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Six-month World Tour On Insignia

Now before you dismiss spending $40,000 on a cruise, at least give it a little thought. That’s the tab for the new Oceania around-the-world cruise on the Insignia, leaving in January 2017 and returning that July.

Come to think of it, has anybody seen a cruise longer than six months, anywhere? It seems that 180 days is the threshold that must not be broken. Perhaps after that passengers start making plans to do more than exchange Christmas cards. Bob and Carol and Ted and Alice — that sort of thing.

Oh yes, about the 40 grand…

If you’re a couple, that’s 80 grand. And for that price, you get an inside stateroom — the cheapest balcony is $53,000. Included are all taxes, round-trip first-class air fare from North American gateway cities to Miami and unlimited Internet. It doesn’t say gratuities are included but it wouldn’t be a surprise if they are. In visiting 98 cities in 36 countries, you have to figure there will be some additional costs, so maybe a more realistic tab is $45,000 to $50,000.

But about selling the concept to your better half…

From $80,000 for both of you, deduct all your car expenses for six months. If you can arrange to be between homes at the time (Baby Boomers can sometimes do that), or sublet your residence, deduct six months of rent or mortgage payments. Deduct ALL your meals, and wine, for 180 days. Reduce your entertainment budget drastically because there will be more than enough ship entertainment to fit into your busy schedule.

And did we mention that it includes "free medical" (that's what the fine print says)? Obamacare at sea?

You’ll go to six continents. By the time it’s over, there will be far less of the world for you to see, and maybe none that you want to see. it’s a once-in-a-lifetime experience. You do need to make certain that 180 days living our of a cabin without getting cabin fever — we were worried about 19 straight days on a ship but were sorry when we had to disembark.

Even with all of the “savings” from our daily lives, there’s still one more thing most of us should probably do…

Win the lotto.

Do that and you can upgrade. To the owner’s suite. It’s only $125,000 — per person.

And guess what?

There’s already a waiting list.

— Insignia photo by Bahnfrend (Wikimedia Commons)

In the news…

• Norwegian, Princess both leaving Houston by 2016-17 after four-year stay
• American Cruise Lines launches new river cruiser three weeks early
• Breaking Benjamin headlining Carnival Victory cruise in February

Today at portsandbows.com: Norwegian's Asian deployment

Holland America Zaandam
7 nights
September 13, 2015
Anchorage, Glacier Bay National Park, Haines, Juneau, Ketchikan, Vancouver
Inside: $747
Cost per day: $106

The ‘R Ships’ All Alive And Popular

When we ventured into the waters of the cruise world, the infamous “R Ships” were already history. Consequently, we have neither much knowledge nor appreciation for what they were, but every once in a while we hear about one of the R Ships, and what great ships they were when Renaissance Cruises was in business.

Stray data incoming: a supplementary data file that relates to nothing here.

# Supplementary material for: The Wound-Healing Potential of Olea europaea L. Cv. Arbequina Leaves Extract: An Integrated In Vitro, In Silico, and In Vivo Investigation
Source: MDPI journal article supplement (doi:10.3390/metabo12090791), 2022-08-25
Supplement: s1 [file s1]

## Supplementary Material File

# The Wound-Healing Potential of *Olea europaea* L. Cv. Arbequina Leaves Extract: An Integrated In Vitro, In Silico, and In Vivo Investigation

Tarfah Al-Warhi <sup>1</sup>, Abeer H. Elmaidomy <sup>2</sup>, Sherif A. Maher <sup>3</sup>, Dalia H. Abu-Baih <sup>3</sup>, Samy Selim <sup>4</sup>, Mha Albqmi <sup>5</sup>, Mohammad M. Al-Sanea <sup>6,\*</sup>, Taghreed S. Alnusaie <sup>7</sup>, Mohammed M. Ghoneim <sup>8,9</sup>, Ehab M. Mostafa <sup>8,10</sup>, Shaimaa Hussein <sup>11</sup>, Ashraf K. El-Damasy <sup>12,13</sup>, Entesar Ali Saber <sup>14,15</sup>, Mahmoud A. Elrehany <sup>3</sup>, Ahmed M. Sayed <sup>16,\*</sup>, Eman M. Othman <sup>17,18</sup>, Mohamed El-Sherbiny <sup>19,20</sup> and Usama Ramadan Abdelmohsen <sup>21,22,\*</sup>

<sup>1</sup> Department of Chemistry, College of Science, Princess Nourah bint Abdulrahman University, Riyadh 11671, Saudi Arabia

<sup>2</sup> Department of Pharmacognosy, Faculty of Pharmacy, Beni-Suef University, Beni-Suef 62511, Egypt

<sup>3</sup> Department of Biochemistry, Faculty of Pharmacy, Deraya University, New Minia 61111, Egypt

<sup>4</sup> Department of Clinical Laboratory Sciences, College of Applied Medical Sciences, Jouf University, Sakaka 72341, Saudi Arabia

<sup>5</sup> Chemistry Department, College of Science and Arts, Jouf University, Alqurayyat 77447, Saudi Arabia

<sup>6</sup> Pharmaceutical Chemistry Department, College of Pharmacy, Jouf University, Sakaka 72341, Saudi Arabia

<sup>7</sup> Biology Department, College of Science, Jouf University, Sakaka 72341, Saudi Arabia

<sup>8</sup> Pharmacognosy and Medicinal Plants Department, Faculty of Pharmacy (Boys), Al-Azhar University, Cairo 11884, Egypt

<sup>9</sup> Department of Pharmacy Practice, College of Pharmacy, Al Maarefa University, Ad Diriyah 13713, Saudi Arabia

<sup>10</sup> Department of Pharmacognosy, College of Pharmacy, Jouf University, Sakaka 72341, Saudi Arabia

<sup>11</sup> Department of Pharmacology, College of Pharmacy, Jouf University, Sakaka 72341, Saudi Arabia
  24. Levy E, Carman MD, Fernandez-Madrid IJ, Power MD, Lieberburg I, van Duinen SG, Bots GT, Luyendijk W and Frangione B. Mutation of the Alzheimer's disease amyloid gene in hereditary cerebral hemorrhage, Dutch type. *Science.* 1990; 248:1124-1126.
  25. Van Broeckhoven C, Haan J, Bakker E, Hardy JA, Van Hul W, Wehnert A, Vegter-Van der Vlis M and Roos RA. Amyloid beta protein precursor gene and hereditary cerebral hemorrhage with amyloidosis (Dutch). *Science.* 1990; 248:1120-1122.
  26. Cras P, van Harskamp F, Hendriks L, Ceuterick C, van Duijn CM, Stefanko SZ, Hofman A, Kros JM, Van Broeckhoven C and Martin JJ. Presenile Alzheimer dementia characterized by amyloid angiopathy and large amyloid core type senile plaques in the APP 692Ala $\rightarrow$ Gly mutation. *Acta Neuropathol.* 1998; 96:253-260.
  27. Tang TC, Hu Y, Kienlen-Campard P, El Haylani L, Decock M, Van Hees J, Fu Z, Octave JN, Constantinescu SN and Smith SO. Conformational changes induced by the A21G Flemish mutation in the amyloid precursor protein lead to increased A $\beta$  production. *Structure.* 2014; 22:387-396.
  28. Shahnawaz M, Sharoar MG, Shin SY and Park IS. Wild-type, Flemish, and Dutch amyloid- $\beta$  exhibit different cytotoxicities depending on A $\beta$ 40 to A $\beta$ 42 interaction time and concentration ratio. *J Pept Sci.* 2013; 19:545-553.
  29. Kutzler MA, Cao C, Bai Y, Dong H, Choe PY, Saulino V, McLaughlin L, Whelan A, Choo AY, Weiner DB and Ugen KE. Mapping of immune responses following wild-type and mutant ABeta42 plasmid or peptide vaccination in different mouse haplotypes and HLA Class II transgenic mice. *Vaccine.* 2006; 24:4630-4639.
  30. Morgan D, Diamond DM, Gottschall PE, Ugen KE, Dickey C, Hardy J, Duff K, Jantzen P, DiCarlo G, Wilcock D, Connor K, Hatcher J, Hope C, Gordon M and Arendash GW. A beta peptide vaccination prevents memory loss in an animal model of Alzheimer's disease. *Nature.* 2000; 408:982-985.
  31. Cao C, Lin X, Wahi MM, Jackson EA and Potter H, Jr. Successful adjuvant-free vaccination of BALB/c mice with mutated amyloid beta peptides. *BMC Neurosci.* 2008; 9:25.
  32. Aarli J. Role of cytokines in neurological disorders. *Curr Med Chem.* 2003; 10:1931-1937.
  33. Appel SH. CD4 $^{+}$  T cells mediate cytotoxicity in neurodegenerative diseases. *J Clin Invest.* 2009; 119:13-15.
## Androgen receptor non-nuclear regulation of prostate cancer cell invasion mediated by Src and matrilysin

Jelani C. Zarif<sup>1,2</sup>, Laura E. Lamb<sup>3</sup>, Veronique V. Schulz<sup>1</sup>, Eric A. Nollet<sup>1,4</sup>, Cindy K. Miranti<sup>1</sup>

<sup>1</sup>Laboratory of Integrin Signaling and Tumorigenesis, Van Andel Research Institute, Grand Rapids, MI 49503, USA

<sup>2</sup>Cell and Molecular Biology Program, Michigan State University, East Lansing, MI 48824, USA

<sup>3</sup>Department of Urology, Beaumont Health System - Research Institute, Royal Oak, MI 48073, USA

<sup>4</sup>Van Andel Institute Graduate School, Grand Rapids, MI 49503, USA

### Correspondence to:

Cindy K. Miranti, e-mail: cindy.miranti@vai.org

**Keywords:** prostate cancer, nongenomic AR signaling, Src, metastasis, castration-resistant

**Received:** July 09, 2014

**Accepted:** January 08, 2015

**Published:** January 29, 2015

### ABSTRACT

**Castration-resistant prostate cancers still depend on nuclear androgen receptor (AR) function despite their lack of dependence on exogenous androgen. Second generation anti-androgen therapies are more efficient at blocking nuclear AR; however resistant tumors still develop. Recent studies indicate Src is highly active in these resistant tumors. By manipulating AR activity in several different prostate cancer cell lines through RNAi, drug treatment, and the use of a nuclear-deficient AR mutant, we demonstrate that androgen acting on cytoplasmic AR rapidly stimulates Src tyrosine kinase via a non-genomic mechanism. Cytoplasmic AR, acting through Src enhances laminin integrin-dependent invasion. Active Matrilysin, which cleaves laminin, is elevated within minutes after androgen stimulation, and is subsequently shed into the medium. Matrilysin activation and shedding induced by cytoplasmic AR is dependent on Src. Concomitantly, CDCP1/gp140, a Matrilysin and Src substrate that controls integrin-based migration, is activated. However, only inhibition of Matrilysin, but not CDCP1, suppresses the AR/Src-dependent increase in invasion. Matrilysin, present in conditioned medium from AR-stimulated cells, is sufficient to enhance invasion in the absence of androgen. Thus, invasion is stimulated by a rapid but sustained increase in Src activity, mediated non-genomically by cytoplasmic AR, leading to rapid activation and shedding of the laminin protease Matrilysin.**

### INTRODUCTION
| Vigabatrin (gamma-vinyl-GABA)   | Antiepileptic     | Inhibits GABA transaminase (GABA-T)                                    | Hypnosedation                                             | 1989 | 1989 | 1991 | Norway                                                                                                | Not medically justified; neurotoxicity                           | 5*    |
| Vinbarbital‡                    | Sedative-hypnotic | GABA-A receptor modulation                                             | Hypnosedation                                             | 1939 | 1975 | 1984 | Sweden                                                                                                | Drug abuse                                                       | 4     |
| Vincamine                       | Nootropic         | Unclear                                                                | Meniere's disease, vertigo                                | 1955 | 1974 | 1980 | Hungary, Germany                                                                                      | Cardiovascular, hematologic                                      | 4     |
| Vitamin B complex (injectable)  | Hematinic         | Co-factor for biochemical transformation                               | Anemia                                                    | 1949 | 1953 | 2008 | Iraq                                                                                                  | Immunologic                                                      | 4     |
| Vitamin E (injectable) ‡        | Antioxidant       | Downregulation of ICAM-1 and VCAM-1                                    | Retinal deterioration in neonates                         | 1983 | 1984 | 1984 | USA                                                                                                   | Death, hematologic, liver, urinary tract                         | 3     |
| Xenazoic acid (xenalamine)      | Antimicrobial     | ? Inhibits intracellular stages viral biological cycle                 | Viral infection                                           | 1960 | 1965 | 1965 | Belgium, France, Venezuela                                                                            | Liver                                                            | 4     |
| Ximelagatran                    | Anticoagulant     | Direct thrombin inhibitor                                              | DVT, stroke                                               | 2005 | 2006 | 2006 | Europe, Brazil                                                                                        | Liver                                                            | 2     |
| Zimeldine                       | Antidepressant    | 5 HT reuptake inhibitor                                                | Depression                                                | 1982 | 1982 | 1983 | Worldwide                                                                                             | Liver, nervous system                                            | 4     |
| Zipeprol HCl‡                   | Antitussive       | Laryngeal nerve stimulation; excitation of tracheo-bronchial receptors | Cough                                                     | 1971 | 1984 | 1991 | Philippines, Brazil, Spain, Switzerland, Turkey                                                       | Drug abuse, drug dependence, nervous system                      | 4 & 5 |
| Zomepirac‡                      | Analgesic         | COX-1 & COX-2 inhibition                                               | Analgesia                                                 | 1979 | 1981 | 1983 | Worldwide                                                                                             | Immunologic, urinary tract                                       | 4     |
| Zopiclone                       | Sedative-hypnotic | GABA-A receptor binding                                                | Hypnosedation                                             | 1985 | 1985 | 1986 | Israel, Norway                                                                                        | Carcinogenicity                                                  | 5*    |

Or…what great ships they are.

The R Ships are still around, under pseudonyms. When Oceania set a one-day record for selling cruises this month, it was for one of the former R Ships, soon to be re-named (again) as the Oceania Sirena. Clearly, its history with seasoned cruisers had something to do with how anxious they were to sail on her again.

At the moment, the Sirena is still the Ocean Princess, which she will remain until Oceanundergoing a $40-million refurbishment one year from this month. Before she was the Ocean Princess, she was simply “R Four.”

There were eight R Ships, starting with R One in 1998. In case you’re wondering what became of them all, or even if you aren’t, here’s the list.

R One — After Renaissance went bankrupt, she became Oceania’s Insignia, then Hapag-Lloyd’s Columbus 2 and last year returned to Oceania as the Insignia again.

R Two — Chartered to Oceania, she was the Insignia before the Insignia was, and later Regattabecame what she is today, the Oceania Regatta (above).

R Three — Since 2002, she’s been the Pacific Princess.

R Four — See above.

R Five — Despatched to Pullmantur Cruises to become the Blue Dream and now with her Oceania brethren as the Nautica.

R Six — Another Pullmantur acquisition, the Blue Star, then the Blue Dream and R Five abdicated the name and went to Oceania and now, since 2007, the Azamara Journey.

R Seven — Chartered to a line called Delphin Seereisen and named the Delphin QuestRenaissance, then to Pullmantur as the Blue Moon and now, since 2007, the Azamara Quest (above).

R Eight — First became the Minerva II for Swan Hellenic Cruises, then sold to Princess to become the Royal Princess and now with P&O Cruises as the Adonia.

The fact that these eight ships — all of them exactly 30,277 tons in size, all of them carrying about 684 passengers — are still popular today is a testament to their design.

In fact, maybe they’ve improved with age. They certainly did when it came to their names.

Today at portsandbows.com: All the latest cruise news

Costa Fascinosa
7 nights
May 10, 2015
Savona (return): Rome, Palermo, Valletta, Palma de Mallorca, Barcelona
Inside: $399
Cost per day: $57

Oceania Ships Have The Same Look Now

Two years ago in the Mediterranean, we were fortunate to be on the Oceania Riviera for one of its first cruises, with a stop in Barcelona for the christening and official naming ceremony. This is a smallish ship by ocean-going standards — just 1,250 Rivierapassengers — and, by any objective cruiser's estimation, the Riviera is one beautiful ship.